Beating bowel cancer together

Early diagnosis

We’re campaigning to improve early diagnosis by ensuring people have access to the right test at the right time. Around 16,000 people die from bowel cancer each year, making it the UK’s second biggest cancer killer. However, this shouldn’t be the case as the disease is treatable and curable, especially if diagnosed early. An estimated 9 in 10 people will survive bowel cancer if diagnosed at the earliest stage.

 

 

What are the issues?

  • A serious capacity crisis: Demand for endoscopy and pathology services, which provide key diagnostic tests for bowel cancer, has been increasing dramatically. However there is a serious lack of capacity to meet the demand. This is having an impact on waiting times, with many people waiting too long between being referred and having their test. Without adequate capacity to meet this demand, patients will continue to be kept waiting for crucial diagnostic tests.
  • Delays to the new screening test: Scotland is the only UK nation that screens from ages 50 to 74 using the faecal immunochemical test (FIT). FIT is vital for improving the chances of an early diagnosis as it has the potential to detect more early stage cancers than the current screening test; it can be adjusted to be more or less sensitive to traces of blood in poo, so more or fewer cancers can be picked up. Deciding what level of sensitivity FIT should be set at, considering the impact it will have on endoscopy, has contributed to the delays to its introduction.
  • The quality of endoscopy service varies across the UK. Many units do not meet the quality standards set out by the Joint Advisory Group for Gastrointestinal Endoscopy (JAG). This means that some patients are being referred to units that are not up to standard and whose quality cannot be assured. With the added pressures that the expected increase in demand for diagnostic testing will bring, ensuring services continue to be of the highest quality is vital to stopping people dying.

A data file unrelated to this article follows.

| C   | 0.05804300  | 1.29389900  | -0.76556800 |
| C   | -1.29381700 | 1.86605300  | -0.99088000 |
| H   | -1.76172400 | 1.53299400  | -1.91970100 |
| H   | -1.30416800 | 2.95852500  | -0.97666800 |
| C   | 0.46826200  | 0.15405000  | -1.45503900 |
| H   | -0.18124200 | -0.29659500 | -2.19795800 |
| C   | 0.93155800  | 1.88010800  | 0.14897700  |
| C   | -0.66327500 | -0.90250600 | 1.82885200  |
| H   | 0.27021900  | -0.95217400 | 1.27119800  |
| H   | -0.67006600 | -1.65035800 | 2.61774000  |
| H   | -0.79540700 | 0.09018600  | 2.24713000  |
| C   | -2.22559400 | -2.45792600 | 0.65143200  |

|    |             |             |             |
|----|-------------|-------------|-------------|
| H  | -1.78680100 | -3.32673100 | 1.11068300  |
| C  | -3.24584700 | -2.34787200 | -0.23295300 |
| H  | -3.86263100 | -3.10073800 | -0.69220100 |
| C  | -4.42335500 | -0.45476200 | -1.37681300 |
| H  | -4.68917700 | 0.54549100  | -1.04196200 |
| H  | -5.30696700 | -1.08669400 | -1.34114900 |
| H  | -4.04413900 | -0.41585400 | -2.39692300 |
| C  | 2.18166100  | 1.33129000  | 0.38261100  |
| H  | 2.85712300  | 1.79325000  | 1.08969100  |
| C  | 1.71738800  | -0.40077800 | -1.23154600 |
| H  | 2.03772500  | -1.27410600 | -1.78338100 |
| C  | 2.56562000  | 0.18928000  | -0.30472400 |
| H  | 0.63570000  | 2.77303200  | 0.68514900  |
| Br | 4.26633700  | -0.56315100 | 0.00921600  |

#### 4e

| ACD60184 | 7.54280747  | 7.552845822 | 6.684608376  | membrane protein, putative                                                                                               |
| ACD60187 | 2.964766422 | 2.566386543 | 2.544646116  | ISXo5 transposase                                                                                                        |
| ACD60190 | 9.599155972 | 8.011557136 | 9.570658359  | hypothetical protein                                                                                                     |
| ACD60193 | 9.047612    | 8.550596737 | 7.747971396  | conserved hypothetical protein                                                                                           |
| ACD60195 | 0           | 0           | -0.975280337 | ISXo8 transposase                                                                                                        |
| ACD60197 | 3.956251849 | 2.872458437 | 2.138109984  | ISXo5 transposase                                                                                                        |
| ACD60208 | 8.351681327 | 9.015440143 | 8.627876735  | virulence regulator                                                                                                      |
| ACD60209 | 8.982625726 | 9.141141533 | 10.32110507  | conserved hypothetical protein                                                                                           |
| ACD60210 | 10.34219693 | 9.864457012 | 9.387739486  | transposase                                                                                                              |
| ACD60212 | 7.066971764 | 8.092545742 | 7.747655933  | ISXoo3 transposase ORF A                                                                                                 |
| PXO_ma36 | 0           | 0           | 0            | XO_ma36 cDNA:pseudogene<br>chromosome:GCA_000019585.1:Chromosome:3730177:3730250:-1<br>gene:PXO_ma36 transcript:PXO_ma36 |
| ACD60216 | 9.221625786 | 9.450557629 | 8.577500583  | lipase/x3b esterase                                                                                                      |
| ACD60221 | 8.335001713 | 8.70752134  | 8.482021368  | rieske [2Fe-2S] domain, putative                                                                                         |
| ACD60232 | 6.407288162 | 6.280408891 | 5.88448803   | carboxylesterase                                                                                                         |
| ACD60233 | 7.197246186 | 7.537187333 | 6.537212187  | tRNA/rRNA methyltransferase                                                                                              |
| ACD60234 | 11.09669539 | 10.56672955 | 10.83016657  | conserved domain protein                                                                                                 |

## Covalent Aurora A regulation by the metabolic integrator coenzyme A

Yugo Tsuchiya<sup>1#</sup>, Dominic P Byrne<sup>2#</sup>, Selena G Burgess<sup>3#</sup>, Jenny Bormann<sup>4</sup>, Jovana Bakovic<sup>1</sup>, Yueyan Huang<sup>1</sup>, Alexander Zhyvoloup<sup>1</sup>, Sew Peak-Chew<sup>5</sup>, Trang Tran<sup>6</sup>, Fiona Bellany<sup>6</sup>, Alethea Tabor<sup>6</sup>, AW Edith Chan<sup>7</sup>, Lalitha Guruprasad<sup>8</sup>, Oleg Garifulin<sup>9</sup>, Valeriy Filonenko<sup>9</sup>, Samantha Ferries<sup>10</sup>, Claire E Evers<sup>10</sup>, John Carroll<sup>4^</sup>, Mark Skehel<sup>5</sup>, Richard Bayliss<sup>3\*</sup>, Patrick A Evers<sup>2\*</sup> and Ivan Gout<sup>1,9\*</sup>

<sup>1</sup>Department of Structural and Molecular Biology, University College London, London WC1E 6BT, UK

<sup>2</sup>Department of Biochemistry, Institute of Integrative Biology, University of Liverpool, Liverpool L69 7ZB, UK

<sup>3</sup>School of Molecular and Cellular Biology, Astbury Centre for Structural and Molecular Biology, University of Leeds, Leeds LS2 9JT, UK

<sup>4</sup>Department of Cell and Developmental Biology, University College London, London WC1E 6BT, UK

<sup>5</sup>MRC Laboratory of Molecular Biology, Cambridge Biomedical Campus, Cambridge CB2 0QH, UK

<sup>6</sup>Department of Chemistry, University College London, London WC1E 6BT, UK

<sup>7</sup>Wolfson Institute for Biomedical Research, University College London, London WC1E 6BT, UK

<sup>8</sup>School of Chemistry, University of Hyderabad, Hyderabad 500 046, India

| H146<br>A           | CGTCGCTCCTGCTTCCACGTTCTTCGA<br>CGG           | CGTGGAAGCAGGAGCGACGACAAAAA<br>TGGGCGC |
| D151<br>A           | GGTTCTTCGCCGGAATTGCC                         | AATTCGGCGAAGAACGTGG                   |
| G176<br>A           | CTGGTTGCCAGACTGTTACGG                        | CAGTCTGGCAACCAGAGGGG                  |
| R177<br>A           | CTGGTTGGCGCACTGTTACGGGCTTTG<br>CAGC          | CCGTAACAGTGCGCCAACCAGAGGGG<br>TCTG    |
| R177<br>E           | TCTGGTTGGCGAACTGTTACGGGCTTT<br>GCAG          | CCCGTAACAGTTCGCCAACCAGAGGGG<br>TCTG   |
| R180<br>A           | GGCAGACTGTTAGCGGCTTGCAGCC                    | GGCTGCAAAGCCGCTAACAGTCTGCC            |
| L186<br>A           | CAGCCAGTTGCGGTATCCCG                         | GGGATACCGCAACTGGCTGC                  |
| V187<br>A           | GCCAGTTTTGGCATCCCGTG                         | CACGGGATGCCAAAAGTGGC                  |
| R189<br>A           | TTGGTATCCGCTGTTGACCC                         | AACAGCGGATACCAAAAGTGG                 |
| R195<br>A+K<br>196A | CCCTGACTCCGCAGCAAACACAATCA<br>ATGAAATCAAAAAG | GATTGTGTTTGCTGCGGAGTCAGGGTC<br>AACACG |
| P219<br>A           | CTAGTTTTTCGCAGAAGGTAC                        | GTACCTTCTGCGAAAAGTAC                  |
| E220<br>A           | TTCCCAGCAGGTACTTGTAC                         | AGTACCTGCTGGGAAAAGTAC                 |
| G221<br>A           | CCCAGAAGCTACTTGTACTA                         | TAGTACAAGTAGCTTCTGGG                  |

What are we campaigning for?

  • A fully funded action plan to tackle the growing capacity crisis. This must be comprehensive and set out clear recommendations to: address current workforce shortages; reducing waiting times; and bringing all units up to JAG accreditation standard. Read our open letter to the Chancellor and the Secretary of State for Health calling for an end to the Capacity Crisis, signed by over 7,000 people.
  • An optimal screening programme that screens from the age of 50 using FIT, in line with Scotland and international best practice. There needs to be a clear timetable to increase the sensitivity of FIT and extend the age range in line with diagnostic capacity.

 

What have we done so far?

  • England and Wales announced they are lowering the bowel cancer screening age from 60 to 50, following a recommendation from the UK National Screening Committee. This is something we’ve campaigned on for some time now and comes not long after we supported Lauren Backler to hand in her petition to lower the screening age from 60 to 50, in line with Scotland, which received a staggering 446,921 signatures.
  • A change in the new GP referral guidelines for suspected cancer so GPs can refer patients at lower levels of risk than applied with the previous referral criteria.  This means patients with persistent 'low risk' symptoms can be assessed more quickly and improve the timeliness of their diagnosis.
  • Helped shift the focus to improving diagnostic capacity in the new cancer strategy.

 

How you can get involved?

  • Become a campaigner. Join the thousands of people campaigning to help make real change happen for people with bowel cancer. 
  • Read our blog on ending the capacity crisis in NHS bowel cancer diagnostic services.
  • Find out more on an optimal bowel cancer screening programme set out by the UK National Screening Committee.
  • Share your story. If you’ve been kept waiting for a test for bowel cancer we want to hear from you.
Your support helps save lives. Donate now and help us ensure a future where nobody dies of bowel cancer.
Your support helps save lives. Donate now and help us ensure a future where nobody dies of bowel cancer.

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